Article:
I lay the blame on Sheridan and his two co-writers for their flat adaptation of the source novel of the same name. This is the second weak adaptation from him in the past two weeks, cold on the heels of his plot-holey script for Without Remorse. Considering his first three original scripts were solid and acclaimed - Hell or High Water was nominated for a Best Original Screenplay Oscar - what is his problem with adaptations where the story and characters are provided being so sub-par. 

Ignoring the bad title which has no bearing on anything in the plot that I can tell, almost everything relies on coincidence or dumb behavior. If the killers don't blow up the DA's house, it doesn't make the news and they don't lose the element of surprise. Movie over. If Owen doesn't see the news report, they find and kill him. Movie over. If he doesn't leave his laptop unsecured (the problem with Unhinged) with a preposterously convenient web history revealing he suspected they were coming they wouldn't know to find the one photo with a cop and the name of the place he'd be going. Movie over. If they didn't kill an innocent passerby then leave her car and body where the cops could find it instead of pushing it over a cliff; if the lightning hadn't burned out the tower's communications; if, if, if. 

It's hard to view as threat two guys whose elite assassin rep seems to rely on dumb luck. There's also a detail where Arthur's SUV has official government plates, but it never factors again, so why have them? And if you're wondering whether it's a good idea for a pregnant woman to be riding a horse, even allowing for the noise factor precluding a motorized conveyance, you're not alone.

Everyone involved with Those Who Wish Me Dead have done much better work in the past, so it's baffling this project amounts to a middling disappointment. The forest fire VFX are mostly fairly convincing, but it's not a disaster movie or a disaster of a movie; it's just lost in the woods.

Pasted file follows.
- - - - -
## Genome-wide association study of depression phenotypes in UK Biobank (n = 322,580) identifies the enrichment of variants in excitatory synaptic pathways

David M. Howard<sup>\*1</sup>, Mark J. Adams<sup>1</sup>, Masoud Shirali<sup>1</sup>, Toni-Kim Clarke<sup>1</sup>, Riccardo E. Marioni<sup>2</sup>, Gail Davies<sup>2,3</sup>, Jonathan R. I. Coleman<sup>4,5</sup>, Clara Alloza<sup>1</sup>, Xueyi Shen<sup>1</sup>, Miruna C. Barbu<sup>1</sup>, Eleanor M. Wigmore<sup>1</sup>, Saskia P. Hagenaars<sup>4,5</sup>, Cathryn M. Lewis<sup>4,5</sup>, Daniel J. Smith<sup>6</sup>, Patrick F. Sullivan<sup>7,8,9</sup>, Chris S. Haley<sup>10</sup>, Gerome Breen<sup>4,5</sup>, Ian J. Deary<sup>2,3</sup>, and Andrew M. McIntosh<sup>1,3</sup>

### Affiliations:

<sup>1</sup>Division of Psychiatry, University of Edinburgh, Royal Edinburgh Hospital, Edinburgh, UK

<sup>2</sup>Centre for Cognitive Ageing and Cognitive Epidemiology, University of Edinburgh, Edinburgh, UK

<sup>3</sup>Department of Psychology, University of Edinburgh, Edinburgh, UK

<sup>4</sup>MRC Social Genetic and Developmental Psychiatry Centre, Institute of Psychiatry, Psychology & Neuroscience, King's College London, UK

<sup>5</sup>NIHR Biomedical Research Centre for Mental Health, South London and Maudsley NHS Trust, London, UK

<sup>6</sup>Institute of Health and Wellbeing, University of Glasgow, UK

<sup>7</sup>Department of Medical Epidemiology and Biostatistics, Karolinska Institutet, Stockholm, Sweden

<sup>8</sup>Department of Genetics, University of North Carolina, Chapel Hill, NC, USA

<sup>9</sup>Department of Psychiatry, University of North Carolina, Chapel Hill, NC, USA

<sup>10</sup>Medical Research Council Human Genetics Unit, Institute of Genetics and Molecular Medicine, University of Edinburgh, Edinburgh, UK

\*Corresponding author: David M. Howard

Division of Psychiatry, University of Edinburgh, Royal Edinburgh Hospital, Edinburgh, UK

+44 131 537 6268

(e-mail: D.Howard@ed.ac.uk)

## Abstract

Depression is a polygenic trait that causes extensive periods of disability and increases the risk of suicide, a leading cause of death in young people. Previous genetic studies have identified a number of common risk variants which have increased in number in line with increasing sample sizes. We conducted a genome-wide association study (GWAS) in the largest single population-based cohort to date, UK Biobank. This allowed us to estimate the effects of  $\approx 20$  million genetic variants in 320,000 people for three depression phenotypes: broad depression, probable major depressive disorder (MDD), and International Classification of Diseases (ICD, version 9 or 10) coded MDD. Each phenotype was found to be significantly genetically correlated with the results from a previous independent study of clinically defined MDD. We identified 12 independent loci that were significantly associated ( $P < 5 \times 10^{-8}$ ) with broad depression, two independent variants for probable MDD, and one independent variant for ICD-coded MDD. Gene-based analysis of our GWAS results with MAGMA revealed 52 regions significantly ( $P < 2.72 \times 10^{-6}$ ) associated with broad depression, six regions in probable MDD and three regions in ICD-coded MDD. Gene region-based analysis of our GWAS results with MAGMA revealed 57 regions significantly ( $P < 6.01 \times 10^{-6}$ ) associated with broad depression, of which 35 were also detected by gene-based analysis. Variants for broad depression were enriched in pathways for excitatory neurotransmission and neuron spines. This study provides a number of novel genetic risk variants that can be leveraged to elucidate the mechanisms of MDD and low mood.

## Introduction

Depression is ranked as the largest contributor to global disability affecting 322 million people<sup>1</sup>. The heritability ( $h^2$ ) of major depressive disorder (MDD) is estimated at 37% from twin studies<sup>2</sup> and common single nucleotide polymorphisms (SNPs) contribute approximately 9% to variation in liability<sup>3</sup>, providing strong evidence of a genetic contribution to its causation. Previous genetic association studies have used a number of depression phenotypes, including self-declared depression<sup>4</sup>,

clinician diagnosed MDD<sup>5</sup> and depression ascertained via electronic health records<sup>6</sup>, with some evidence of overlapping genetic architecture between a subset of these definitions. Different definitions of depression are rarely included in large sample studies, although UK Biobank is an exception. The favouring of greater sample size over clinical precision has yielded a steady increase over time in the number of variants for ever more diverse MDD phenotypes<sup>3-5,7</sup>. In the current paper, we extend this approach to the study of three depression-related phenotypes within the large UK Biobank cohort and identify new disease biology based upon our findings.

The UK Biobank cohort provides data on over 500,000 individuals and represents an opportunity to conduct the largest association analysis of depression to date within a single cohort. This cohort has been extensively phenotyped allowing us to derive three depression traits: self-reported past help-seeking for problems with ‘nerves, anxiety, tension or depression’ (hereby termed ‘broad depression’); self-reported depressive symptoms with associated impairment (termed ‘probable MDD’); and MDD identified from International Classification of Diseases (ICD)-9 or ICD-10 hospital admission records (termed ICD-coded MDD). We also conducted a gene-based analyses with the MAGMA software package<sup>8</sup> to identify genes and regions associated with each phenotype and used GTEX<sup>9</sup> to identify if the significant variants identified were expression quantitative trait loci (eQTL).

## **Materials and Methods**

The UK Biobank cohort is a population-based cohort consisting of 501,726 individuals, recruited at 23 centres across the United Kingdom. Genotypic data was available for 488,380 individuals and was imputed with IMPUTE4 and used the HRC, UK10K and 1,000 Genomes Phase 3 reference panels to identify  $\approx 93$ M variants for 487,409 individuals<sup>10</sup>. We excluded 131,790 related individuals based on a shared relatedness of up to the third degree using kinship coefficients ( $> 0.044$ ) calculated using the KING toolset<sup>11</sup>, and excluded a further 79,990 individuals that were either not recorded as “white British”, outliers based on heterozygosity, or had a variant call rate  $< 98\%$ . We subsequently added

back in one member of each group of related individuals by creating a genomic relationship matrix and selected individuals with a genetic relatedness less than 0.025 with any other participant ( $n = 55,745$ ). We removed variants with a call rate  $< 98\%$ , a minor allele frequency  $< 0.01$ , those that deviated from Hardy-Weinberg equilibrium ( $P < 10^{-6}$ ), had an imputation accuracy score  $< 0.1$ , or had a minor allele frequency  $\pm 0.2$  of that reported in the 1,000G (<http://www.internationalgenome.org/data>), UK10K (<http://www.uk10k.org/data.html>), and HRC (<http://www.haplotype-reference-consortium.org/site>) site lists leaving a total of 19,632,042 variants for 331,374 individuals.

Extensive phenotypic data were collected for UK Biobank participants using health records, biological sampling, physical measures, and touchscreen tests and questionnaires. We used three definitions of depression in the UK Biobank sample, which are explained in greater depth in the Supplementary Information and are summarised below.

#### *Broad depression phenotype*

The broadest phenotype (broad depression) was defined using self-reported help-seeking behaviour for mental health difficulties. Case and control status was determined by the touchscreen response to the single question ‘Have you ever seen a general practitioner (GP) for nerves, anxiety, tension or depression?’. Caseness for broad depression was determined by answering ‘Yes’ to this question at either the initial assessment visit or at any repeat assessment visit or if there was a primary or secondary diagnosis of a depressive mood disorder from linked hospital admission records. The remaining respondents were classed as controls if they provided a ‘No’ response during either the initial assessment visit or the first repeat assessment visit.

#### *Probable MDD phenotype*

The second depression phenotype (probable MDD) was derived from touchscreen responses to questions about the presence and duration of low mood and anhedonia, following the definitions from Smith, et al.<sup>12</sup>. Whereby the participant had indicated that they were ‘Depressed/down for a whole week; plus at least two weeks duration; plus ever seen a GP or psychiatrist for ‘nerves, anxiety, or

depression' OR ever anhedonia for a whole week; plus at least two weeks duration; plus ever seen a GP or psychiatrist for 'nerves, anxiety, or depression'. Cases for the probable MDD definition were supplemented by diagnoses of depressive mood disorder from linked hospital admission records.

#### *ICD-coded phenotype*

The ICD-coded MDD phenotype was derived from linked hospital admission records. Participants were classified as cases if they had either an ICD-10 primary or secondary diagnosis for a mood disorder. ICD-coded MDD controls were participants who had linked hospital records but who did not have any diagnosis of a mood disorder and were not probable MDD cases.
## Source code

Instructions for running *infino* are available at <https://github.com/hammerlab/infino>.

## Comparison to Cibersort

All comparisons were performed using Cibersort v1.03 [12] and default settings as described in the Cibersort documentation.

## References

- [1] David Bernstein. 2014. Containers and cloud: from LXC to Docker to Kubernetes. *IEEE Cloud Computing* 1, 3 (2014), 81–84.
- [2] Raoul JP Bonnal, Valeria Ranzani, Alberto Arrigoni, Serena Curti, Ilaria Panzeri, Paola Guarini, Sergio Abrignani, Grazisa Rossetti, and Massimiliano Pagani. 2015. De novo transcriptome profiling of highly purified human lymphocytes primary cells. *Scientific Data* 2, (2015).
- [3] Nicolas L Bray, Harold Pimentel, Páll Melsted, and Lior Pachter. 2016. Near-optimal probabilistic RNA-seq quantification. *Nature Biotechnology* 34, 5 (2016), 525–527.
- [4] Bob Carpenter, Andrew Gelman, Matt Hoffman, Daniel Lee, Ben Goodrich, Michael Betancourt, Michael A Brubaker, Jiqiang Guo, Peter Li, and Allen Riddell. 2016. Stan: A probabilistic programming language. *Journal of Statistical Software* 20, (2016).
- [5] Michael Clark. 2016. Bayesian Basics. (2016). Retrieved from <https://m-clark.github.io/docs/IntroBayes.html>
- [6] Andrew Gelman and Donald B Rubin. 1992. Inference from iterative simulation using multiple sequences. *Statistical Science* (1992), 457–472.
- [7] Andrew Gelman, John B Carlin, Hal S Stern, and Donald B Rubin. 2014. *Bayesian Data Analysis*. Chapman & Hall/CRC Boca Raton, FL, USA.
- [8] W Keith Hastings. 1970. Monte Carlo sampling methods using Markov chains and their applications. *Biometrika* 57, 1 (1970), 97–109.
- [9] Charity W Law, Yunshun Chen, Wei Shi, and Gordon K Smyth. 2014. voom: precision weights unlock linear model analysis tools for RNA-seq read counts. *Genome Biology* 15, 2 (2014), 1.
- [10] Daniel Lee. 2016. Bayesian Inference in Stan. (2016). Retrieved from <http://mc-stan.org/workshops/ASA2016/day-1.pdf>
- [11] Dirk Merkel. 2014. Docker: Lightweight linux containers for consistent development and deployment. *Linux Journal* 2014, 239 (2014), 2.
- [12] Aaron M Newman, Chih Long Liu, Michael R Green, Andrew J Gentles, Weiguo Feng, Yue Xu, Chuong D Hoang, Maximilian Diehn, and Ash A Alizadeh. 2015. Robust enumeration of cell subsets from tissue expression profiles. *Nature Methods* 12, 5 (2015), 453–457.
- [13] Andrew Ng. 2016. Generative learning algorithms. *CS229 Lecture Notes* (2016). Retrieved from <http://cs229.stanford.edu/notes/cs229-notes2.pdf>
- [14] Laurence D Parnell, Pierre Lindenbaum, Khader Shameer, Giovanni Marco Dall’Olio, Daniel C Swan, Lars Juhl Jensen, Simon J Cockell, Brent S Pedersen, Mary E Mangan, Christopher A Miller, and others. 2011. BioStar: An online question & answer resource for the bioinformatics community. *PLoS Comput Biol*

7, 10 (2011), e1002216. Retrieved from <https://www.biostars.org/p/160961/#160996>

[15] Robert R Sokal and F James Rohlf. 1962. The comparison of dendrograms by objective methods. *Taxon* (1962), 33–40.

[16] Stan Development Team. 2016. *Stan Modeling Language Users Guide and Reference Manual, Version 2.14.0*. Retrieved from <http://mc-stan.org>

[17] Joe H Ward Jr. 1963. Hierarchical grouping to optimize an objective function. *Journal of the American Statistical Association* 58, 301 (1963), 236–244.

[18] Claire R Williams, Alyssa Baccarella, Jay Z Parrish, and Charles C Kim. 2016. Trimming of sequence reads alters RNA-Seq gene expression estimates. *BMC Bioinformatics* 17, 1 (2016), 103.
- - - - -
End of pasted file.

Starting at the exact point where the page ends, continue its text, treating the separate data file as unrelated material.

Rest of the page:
Score: 5/10. 

"The Marksman" Review

 After Liam Neeson's weird career transformation into an action star for the AARP set with 2008's Taken and its lackluster sequels in his mid-50s, he cranked out variations on his grumpy old guy forced to do extreme violence shtick to varying degrees of quality and success. So it is easy to presume The Marksman, which came and went without notice in whatever theaters were open during Hot Fad Plague 2020-21 in early-2021 was more of the same. It's not really, but its rote plot and disappointing ending don't make it unique. 

Neeson plays Jim Hanson, a failing rancher whose land runs right along the Arizona-Mexico border. He's a recent widower whose wife's cancer treatment bills put him in arrears with the bank and they're about to auction his land. Illegal aliens are constantly trespassing and he reports them to the Border Patrol where his stepdaughter Sarah (Katheryn Winnick) is an officer. 

One day he encounters a frightened mother, Rosa (Teresa Ruiz), with her son Miguel (Joe Perez) just past the fence. She's on the run from cartel thugs led by Mauricio (Juan Pablo Raba) who have killed her brother after he warned her to flee with a bag of cash she had. Mauricio demands Jim return the pair to their side of the fence and when Jim refuses, a gunfight breaks out, killing Mauricio's brother and mortally wounding Rosa. She begs Jim to take Miguel to family in Chicago, slipping him an address.

 The Border Patrol comes and mops things up and Jim thinks it's the end of things, but learns that Miguel won't be going to a foster care center, but deported back to Mexico. Knowing that would be certain death, he sneaks the kid out of the station and hits the road toward Chicago, not knowing that Mauricio and his gang are in hot pursuit. 

While The Marksman is blessed with some gorgeous cinematography and a decent performance from Neeson, it never rises above its leisurely pace and formulaic story. The only real tension comes from guessing which stock trope each plot juncture will choose. There are also too many convenient coincidences which aid the cartel forces pursuit; always a corrupt cop to assist them; having a stash house with a hacker able to track Jim's credit card usage (which he keeps using despite having the bag of cash); leaving a trail of bodies in their wake that never factor in subsequent events. Raba lacks serious menace in his performance despite the dirty deeds he does; he's not scary enough. 

Director/co-writer Robert Lorenz has produced a bunch of Clint Eastwood's movies which explains the clip from on old Eastwood movie that's shown and the feeling that The Marksman is something Clint may've starred in 20 years ago. But by keeping the story safe and tame enough to not frighten the early dinner special audience for Clint movies, it prevents it from having any memorable qualities. 

While I was initially inclined to give the movie a middling 5/10 catch it on cable, it's ending was so egregiously dissatisfying I knocked two points off and demoted it to Skip It. Hollyweird has become insanely stuck on the idea that people go to the movies to be made sad. This was called out about the 2021 Oscar nominees and it has infected what's sold as mass market entertainment. Who wants to schlep to a theater, pay $10 per ticket, gawd knows how much for concessions, then spend two hours watching a movie to end up bummed out.